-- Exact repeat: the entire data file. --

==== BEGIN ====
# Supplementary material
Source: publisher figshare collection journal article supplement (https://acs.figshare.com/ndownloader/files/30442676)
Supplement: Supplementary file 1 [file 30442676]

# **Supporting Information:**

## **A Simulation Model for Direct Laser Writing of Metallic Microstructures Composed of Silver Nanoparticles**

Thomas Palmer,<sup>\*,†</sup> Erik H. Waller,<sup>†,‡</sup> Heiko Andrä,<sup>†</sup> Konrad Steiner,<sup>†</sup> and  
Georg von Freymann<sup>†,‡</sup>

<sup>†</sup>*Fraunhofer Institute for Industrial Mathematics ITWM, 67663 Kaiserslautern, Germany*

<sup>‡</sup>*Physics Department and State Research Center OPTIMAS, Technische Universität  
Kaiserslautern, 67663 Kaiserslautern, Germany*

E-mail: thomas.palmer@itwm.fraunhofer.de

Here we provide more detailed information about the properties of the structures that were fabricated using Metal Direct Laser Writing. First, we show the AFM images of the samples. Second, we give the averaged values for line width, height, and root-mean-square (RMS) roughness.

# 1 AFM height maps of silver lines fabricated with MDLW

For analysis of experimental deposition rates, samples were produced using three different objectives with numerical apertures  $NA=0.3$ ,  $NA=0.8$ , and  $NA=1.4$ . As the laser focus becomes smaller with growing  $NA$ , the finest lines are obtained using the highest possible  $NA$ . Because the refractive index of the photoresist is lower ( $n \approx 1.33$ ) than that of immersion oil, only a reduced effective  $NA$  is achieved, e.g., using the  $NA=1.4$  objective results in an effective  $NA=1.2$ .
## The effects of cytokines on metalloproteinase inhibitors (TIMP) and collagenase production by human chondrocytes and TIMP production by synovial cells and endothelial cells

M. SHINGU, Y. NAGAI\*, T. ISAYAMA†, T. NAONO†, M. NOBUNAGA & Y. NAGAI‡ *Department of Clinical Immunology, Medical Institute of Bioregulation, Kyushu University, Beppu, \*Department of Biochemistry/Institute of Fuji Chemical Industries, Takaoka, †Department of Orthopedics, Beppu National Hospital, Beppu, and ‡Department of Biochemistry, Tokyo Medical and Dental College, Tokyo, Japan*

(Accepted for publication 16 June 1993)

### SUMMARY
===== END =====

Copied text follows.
# Supplementary material
Source: publisher figshare collection journal article supplement (https://acs.figshare.com/ndownloader/files/30442676)
Supplement: Supplementary file 1 [file 30442676]

# **Supporting Information:**

## **A Simulation Model for Direct Laser Writing of Metallic Microstructures Composed of Silver Nanoparticles**

Thomas Palmer,<sup>\*,†</sup> Erik H. Waller,<sup>†,‡</sup> Heiko Andrä,<sup>†</sup> Konrad Steiner,<sup>†</sup> and  
Georg von Freymann<sup>†,‡</sup>

<sup>†</sup>*Fraunhofer Institute for Industrial Mathematics ITWM, 67663 Kaiserslautern, Germany*

<sup>‡</sup>*Physics Department and State Research Center OPTIMAS, Technische Universität  
Kaiserslautern, 67663 Kaiserslautern, Germany*

E-mail: thomas.palmer@itwm.fraunhofer.de

Here we provide more detailed information about the properties of the structures that were fabricated using Metal Direct Laser Writing. First, we show the AFM images of the samples. Second, we give the averaged values for line width, height, and root-mean-square (RMS) roughness.

# 1 AFM height maps of silver lines fabricated with MDLW

For analysis of experimental deposition rates, samples were produced using three different objectives with numerical apertures  $NA=0.3$ ,  $NA=0.8$ , and  $NA=1.4$ . As the laser focus becomes smaller with growing  $NA$ , the finest lines are obtained using the highest possible  $NA$ . Because the refractive index of the photoresist is lower ( $n \approx 1.33$ ) than that of immersion oil, only a reduced effective  $NA$  is achieved, e.g., using the  $NA=1.4$  objective results in an effective  $NA=1.2$ .
## The effects of cytokines on metalloproteinase inhibitors (TIMP) and collagenase production by human chondrocytes and TIMP production by synovial cells and endothelial cells

M. SHINGU, Y. NAGAI\*, T. ISAYAMA†, T. NAONO†, M. NOBUNAGA & Y. NAGAI‡ *Department of Clinical Immunology, Medical Institute of Bioregulation, Kyushu University, Beppu, \*Department of Biochemistry/Institute of Fuji Chemical Industries, Takaoka, †Department of Orthopedics, Beppu National Hospital, Beppu, and ‡Department of Biochemistry, Tokyo Medical and Dental College, Tokyo, Japan*

(Accepted for publication 16 June 1993)

### SUMMARY